Fukushima Reactor Reaches Highest Radiation Levels Since 2011
On 03 February, a very alarming news came to light: the Daiichi nuclear reactor located in Fukushima, Japan, reached its highest radiation level since it was severely damaged by the earthquake that hit the Asian country in 2011.
According to an article published by Justin McCurry in prestigious British online newspaper The Guardian, “atmospheric readings as high as 530 sieverts an hour had been recorded inside the containment vessel of reactor No 2, one of three reactors that experienced a meltdown when the plant was crippled by a huge tsunami that struck the north-east coast of Japan in March 2011”.
The article also states that these levels were “described by some experts as ’unimaginable’”, since it is “far higher than the previous record of 73 sieverts an hour in that part of the reactor”.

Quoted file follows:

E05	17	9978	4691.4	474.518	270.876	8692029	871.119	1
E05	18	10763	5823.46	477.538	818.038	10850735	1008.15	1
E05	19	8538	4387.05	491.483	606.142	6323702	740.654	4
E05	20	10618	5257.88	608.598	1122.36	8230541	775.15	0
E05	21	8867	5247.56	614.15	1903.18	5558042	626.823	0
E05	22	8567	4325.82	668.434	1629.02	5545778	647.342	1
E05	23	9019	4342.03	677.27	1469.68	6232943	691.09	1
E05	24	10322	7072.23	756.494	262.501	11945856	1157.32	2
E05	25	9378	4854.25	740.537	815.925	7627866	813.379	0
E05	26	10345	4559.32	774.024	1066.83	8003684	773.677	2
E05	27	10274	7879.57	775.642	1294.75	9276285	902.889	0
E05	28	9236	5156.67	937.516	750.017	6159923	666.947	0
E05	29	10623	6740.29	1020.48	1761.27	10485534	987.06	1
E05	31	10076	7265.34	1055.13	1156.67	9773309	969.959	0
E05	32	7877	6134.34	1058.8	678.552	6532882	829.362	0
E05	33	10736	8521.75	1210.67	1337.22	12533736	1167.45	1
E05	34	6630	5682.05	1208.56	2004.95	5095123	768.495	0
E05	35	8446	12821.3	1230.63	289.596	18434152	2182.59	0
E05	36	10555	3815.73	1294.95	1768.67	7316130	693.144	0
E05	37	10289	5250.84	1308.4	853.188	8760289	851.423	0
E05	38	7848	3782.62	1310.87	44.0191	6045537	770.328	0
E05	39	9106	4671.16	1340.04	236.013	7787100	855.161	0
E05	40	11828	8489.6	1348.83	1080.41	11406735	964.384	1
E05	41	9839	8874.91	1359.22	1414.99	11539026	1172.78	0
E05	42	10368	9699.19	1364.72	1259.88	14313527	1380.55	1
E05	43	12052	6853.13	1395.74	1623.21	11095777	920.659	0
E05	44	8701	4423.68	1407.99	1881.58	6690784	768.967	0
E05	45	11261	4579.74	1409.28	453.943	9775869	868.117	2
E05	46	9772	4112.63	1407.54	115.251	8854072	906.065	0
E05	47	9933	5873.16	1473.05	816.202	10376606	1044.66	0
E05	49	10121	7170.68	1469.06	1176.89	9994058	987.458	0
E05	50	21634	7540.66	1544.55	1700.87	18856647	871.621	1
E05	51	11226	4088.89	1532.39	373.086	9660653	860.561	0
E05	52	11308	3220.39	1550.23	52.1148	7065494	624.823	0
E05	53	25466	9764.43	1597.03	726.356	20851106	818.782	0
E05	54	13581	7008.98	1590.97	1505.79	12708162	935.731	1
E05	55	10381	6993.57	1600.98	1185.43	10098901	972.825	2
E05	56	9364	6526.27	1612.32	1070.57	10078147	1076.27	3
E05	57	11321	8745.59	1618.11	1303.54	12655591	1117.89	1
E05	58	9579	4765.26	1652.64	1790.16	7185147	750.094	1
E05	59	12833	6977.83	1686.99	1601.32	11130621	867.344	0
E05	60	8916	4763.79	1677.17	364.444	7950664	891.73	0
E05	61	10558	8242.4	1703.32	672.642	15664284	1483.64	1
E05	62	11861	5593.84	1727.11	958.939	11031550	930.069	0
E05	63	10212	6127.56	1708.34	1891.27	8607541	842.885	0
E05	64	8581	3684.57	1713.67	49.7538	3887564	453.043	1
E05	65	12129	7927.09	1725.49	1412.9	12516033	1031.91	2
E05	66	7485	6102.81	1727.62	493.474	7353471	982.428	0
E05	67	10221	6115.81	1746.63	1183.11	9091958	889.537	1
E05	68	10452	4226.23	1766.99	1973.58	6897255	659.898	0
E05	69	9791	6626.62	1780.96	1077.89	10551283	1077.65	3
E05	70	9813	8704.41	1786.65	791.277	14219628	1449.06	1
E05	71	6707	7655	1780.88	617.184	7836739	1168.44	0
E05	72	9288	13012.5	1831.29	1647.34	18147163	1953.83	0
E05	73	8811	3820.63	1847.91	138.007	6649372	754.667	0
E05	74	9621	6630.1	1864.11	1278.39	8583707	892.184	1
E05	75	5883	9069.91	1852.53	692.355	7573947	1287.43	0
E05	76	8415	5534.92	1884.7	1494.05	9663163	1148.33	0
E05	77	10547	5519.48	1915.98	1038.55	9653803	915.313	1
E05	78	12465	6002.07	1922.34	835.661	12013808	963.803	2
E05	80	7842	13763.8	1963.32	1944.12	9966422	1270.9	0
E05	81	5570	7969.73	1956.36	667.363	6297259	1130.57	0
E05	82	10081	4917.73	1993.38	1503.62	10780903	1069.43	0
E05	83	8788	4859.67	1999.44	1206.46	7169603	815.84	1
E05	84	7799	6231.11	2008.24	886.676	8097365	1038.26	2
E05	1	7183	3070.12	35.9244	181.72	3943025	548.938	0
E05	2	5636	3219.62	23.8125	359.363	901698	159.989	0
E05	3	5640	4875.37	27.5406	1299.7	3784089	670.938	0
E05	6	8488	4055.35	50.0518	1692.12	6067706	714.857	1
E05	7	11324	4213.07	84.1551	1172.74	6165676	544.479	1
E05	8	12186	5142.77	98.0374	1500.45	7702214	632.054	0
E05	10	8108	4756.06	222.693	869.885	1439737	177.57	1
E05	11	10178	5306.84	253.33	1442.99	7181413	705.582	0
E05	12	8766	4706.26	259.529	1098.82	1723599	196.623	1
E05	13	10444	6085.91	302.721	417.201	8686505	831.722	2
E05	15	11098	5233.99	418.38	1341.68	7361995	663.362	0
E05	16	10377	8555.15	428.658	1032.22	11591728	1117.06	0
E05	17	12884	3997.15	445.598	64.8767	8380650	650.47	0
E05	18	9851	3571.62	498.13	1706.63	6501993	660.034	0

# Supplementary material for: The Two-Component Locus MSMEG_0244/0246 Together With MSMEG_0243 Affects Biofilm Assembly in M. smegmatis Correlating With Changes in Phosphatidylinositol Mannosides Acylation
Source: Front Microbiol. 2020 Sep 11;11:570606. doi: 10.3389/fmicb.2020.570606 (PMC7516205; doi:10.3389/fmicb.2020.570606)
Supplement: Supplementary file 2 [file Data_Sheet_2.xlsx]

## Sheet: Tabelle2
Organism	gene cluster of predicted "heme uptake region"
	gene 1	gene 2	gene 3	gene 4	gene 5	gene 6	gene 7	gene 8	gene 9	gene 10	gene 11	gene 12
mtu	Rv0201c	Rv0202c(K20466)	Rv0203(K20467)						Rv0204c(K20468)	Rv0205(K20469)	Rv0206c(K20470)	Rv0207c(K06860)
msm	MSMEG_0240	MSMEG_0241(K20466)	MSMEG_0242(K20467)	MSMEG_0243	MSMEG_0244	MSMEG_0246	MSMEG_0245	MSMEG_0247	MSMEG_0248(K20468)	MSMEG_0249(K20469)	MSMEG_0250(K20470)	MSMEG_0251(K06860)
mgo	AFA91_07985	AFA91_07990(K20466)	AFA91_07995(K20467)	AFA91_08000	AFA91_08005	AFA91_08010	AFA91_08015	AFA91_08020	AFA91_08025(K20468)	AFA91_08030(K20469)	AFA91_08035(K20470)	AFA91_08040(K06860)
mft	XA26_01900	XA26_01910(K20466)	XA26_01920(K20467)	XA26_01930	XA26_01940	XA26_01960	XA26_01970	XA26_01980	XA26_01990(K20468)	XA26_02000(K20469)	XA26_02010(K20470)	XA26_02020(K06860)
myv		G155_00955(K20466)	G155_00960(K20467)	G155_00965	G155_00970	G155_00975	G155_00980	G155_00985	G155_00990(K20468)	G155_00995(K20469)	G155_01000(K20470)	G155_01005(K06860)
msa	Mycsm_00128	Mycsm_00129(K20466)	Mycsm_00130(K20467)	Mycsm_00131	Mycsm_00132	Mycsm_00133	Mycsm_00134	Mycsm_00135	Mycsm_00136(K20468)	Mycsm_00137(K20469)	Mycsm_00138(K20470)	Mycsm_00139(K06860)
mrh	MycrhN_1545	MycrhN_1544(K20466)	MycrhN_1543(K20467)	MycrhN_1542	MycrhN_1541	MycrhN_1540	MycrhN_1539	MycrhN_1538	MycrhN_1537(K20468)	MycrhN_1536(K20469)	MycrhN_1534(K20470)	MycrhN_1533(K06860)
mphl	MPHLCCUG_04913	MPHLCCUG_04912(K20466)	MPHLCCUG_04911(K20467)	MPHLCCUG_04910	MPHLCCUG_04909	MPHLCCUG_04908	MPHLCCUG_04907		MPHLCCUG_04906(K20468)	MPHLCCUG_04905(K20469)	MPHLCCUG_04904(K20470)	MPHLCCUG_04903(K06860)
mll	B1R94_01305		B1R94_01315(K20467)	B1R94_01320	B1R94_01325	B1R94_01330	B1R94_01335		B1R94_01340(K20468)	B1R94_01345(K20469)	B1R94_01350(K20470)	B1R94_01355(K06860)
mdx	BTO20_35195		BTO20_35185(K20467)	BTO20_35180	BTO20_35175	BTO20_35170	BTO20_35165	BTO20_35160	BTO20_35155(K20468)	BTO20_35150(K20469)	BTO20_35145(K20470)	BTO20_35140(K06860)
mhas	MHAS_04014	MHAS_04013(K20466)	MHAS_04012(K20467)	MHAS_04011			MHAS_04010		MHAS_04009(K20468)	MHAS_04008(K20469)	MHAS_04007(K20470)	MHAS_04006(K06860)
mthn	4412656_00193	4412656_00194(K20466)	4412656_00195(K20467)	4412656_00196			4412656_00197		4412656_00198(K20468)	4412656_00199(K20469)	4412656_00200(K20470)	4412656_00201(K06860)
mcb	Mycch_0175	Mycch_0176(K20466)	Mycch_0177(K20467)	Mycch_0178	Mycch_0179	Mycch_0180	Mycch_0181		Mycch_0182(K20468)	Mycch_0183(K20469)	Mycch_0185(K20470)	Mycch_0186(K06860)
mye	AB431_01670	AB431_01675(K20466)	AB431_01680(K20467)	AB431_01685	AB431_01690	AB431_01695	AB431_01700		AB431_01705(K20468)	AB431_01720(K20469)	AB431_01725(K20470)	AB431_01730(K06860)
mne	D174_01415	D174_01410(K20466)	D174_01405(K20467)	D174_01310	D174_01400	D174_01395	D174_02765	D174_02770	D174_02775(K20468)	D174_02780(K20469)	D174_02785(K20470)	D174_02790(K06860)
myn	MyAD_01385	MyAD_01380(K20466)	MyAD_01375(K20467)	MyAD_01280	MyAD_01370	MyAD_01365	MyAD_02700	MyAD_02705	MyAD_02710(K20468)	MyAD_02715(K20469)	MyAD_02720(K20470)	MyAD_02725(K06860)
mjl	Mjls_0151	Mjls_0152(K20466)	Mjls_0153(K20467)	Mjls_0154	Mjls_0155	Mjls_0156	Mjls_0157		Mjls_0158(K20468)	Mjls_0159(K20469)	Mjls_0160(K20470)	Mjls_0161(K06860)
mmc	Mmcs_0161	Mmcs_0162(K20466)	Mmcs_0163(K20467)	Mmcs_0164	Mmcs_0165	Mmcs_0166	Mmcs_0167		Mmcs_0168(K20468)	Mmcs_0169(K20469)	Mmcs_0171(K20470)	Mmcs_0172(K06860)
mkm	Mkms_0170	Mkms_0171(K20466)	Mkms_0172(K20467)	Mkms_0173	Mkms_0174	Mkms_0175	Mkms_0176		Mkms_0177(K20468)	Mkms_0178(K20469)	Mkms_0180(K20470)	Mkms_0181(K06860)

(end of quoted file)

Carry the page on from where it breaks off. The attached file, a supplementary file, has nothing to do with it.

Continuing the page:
The situation is extremely worrying, due to the fact that small amounts of radiation can cause severe damage to human health. “A single dose of one sievert is enough to cause radiation sickness and nausea; 5 sieverts would kill half those exposed to it within a month, and a single dose of 10 sieverts would prove fatal within weeks”, states the news.
These high radiation levels could have been caused by a one-metre-wide hole in the reactor’s pressure vessel. Tatsuhiro Yamagishi, one of Tepco’s spokesmen, said: “It may have been caused by nuclear fuel that would have melted and made a hole in the vessel, but it is only a hypothesis at this stage”.
“We believe the captured images offer very useful information, but we still need to investigate given that it is very difficult to assume the actual condition inside”, Mr Yamagishi continued.
The unusual radiation levels would difficult the dismantling of the plant. However, “a remote-controlled robot that Tepco intends to send into the No 2 reactor’s containment vessel is designed to withstand exposure to a total of 1,000 sieverts”, wrote Mr McCurry, but it would only survive “for less than two hours before malfunctioning”.
In December 2016, the Japanese government declared that the costs of cleaning the area are expected to rise to 21.5 trillion yens, which is almost two times the estimate in 2013.